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Outside the Lab Training and education

Making a Difference, One Laboratory at a Time

This past fall, several colleagues and I traveled to Tanzania to attend ribbon-cutting ceremonies at Muhimbili Hospital in Dar es Salaam and at Kilimanjaro Christian Medical Center in Moshi. These proceedings represented over a year of planning, coordination with other organizations, partnerships with industry, and the dedication of dozens of staff members all working toward the same goal: improving cancer diagnostics in Africa.

Currently, cancer rates are increasing in sub-Saharan Africa. Around 650,000 people develop cancer there each year, and over half a million people die annually from the disease. More than a third of these deaths can be attributed to cancers that are preventable and/or treatable if detected early. It’s the “early detection” part of the equation that the ASCP, along with the American Cancer Society and our partners in industry, are working to solve.

In the United States, there are 5.7 pathologists per 100,000 people (1); in Tanzania, those numbers are closer to one pathologist per 1.3 million people (2). Although equipment is needed, it is useless without vital experts to interpret the slides and provide a diagnosis.

Both facilities combine to serve an area that is home to over 10 million people; however, each hospital only has a handful of pathologists on staff.

When we conducted site visits at these laboratories in December 2017, we saw the need firsthand. Both facilities combine to serve an area that is home to over 10 million people; however, each hospital only has a handful of pathologists on staff. We concluded that both hospitals would benefit from primary diagnostics and immunohistochemical services – but, without the addition of telepathology capacity, neither would be effective at meeting the needs of millions of patients.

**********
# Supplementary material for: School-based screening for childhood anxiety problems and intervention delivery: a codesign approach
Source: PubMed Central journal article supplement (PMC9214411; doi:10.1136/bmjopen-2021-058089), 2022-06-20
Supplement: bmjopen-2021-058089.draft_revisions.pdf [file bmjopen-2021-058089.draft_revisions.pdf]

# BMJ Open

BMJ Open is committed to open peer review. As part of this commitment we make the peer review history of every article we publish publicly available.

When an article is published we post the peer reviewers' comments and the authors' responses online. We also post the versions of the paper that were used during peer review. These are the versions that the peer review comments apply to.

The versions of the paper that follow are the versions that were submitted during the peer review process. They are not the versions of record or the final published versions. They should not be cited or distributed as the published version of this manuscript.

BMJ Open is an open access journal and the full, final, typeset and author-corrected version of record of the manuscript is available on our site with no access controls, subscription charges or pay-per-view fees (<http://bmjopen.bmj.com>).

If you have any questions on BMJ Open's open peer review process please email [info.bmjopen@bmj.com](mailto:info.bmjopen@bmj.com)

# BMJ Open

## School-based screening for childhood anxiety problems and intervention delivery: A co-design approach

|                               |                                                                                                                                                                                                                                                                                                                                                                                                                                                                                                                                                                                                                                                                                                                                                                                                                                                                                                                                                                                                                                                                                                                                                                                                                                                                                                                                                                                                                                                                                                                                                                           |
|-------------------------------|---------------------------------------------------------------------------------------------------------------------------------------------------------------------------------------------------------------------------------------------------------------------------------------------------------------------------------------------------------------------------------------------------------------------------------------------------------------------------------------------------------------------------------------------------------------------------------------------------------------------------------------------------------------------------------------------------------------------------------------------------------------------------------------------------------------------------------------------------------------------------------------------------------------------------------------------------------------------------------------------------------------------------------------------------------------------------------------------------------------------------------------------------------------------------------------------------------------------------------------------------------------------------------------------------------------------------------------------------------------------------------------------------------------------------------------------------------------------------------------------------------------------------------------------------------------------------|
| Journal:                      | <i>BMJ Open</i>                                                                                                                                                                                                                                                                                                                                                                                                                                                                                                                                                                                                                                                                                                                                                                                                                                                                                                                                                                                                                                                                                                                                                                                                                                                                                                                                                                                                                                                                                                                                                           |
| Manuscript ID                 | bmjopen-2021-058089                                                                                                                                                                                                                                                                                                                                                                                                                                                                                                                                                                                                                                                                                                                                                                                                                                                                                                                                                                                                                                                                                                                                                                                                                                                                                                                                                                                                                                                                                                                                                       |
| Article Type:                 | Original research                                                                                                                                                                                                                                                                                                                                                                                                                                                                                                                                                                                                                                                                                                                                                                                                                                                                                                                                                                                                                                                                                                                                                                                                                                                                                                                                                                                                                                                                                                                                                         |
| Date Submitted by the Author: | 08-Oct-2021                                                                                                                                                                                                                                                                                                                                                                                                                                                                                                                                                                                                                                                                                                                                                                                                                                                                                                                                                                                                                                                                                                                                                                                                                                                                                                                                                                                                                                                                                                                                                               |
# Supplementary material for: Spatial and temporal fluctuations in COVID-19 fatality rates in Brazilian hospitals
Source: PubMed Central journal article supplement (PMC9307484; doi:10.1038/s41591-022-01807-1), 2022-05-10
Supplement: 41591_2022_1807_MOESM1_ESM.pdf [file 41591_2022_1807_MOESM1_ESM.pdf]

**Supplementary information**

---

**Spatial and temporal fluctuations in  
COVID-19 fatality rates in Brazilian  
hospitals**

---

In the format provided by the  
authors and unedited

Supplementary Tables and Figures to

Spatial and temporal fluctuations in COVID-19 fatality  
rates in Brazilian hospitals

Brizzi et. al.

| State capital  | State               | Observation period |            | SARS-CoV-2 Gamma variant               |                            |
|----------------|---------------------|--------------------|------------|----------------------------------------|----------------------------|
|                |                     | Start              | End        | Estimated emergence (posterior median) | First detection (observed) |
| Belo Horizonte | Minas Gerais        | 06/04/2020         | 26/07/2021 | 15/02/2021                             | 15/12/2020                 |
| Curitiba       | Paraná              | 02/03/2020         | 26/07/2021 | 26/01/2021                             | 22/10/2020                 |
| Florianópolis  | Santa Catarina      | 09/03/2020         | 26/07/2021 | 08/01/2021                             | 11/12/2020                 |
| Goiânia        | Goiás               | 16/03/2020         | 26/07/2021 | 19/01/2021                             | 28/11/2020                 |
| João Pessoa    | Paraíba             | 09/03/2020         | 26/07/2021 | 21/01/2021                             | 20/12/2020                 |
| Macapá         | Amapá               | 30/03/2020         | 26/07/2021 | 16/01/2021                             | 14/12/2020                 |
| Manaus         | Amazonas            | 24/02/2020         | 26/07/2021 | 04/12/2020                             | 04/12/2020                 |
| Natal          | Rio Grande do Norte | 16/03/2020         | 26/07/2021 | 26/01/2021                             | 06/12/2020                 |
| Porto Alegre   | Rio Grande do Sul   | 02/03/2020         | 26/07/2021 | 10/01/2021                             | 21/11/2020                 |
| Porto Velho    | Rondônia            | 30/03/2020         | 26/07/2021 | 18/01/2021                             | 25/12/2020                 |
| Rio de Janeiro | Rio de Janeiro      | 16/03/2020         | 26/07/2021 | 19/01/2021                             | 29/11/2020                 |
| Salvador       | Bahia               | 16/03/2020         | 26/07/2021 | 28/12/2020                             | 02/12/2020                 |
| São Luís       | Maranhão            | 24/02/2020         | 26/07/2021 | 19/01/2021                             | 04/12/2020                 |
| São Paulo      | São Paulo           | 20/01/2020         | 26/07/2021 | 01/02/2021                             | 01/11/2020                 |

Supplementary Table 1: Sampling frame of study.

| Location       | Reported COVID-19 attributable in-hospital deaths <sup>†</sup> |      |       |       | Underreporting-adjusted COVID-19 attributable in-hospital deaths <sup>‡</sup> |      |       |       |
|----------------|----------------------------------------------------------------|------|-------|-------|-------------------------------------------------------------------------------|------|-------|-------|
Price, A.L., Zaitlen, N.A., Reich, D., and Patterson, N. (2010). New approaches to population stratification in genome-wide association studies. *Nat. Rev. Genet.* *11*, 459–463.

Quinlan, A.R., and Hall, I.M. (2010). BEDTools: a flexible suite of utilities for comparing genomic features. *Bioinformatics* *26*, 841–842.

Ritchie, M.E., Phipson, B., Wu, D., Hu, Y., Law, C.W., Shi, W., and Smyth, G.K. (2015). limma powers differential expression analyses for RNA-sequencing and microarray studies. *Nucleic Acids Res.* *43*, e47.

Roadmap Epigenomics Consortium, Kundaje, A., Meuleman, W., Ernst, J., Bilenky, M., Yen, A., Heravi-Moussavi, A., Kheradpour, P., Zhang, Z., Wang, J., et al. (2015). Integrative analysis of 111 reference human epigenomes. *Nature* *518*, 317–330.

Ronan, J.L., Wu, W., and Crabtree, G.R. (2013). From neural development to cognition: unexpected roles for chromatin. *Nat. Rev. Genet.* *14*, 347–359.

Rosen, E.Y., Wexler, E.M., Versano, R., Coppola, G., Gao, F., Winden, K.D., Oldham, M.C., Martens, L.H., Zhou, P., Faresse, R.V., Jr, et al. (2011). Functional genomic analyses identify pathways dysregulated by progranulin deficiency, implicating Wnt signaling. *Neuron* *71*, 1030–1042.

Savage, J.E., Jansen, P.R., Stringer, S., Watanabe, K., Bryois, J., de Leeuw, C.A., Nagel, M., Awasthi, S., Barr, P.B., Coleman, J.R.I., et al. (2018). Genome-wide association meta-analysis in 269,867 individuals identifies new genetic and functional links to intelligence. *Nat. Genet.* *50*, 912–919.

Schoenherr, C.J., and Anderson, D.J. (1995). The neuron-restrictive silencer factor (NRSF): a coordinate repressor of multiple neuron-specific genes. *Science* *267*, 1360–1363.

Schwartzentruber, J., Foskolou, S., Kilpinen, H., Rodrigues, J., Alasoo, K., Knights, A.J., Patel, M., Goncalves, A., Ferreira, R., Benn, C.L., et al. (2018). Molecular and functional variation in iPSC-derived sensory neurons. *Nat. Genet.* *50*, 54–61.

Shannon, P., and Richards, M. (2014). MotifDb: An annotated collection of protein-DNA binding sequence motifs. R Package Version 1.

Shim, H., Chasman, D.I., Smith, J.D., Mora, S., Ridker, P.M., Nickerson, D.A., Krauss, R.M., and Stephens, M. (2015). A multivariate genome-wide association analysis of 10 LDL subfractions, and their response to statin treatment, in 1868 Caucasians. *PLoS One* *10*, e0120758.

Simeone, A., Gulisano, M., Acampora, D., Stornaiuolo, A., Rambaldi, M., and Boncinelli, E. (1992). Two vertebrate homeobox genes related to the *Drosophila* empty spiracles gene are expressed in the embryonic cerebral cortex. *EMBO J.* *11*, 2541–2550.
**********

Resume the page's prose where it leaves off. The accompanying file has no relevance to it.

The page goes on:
Telepathology serves other purposes as well: training, access to whole slide imaging archives, and consultation on difficult cases. We determined that both pieces – diagnostics and telepathology – were vital to achieving mutual goals. To make that happen, memoranda of understanding had to be negotiated and signed by all parties; ASCP worked with the telepathology vendors to get the equipment ready before shipping; and teams from both entities traveled to Tanzania for onsite installation and training.

But the story didn’t end with the provision of equipment, training, and additional personnel. We also worked closely with their staff to provide vital downstream leadership education through our ASCP Leadership Institute; the program, which was developed specifically for pathologists and laboratory professionals, had to be fine-tuned so that it was culturally appropriate within Tanzania.

When the ASCP committed itself to the lofty goal of “providing access to cancer diagnostics in Africa,” we knew it would entail an enormous amount of effort by thousands of people for a decade to come. What we didn’t fully realize was how gratifying it would be to see all our work come to fruition. Together, we look forward to seeing what 2019 – and beyond – will bring. The heart of our membership has never been stronger.

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  1. SJ Robboy et al., “Pathologist workforce in the United States: I. Development of a predictive model to examine factors influencing supply”, Arch Pathol Lab Med, 137, 1723–1732 (2013). PMID: 23738764.
  2. Universal Health 2030, “More lab physicians needed for quality medical care in region, say experts” (2016). Available at: https://bit.ly/2UCXjWv. Accessed December 12, 2018.

About the Author

E. Blair Holladay

E. Blair Holladay is CEO of the American Society for Clinical Pathology

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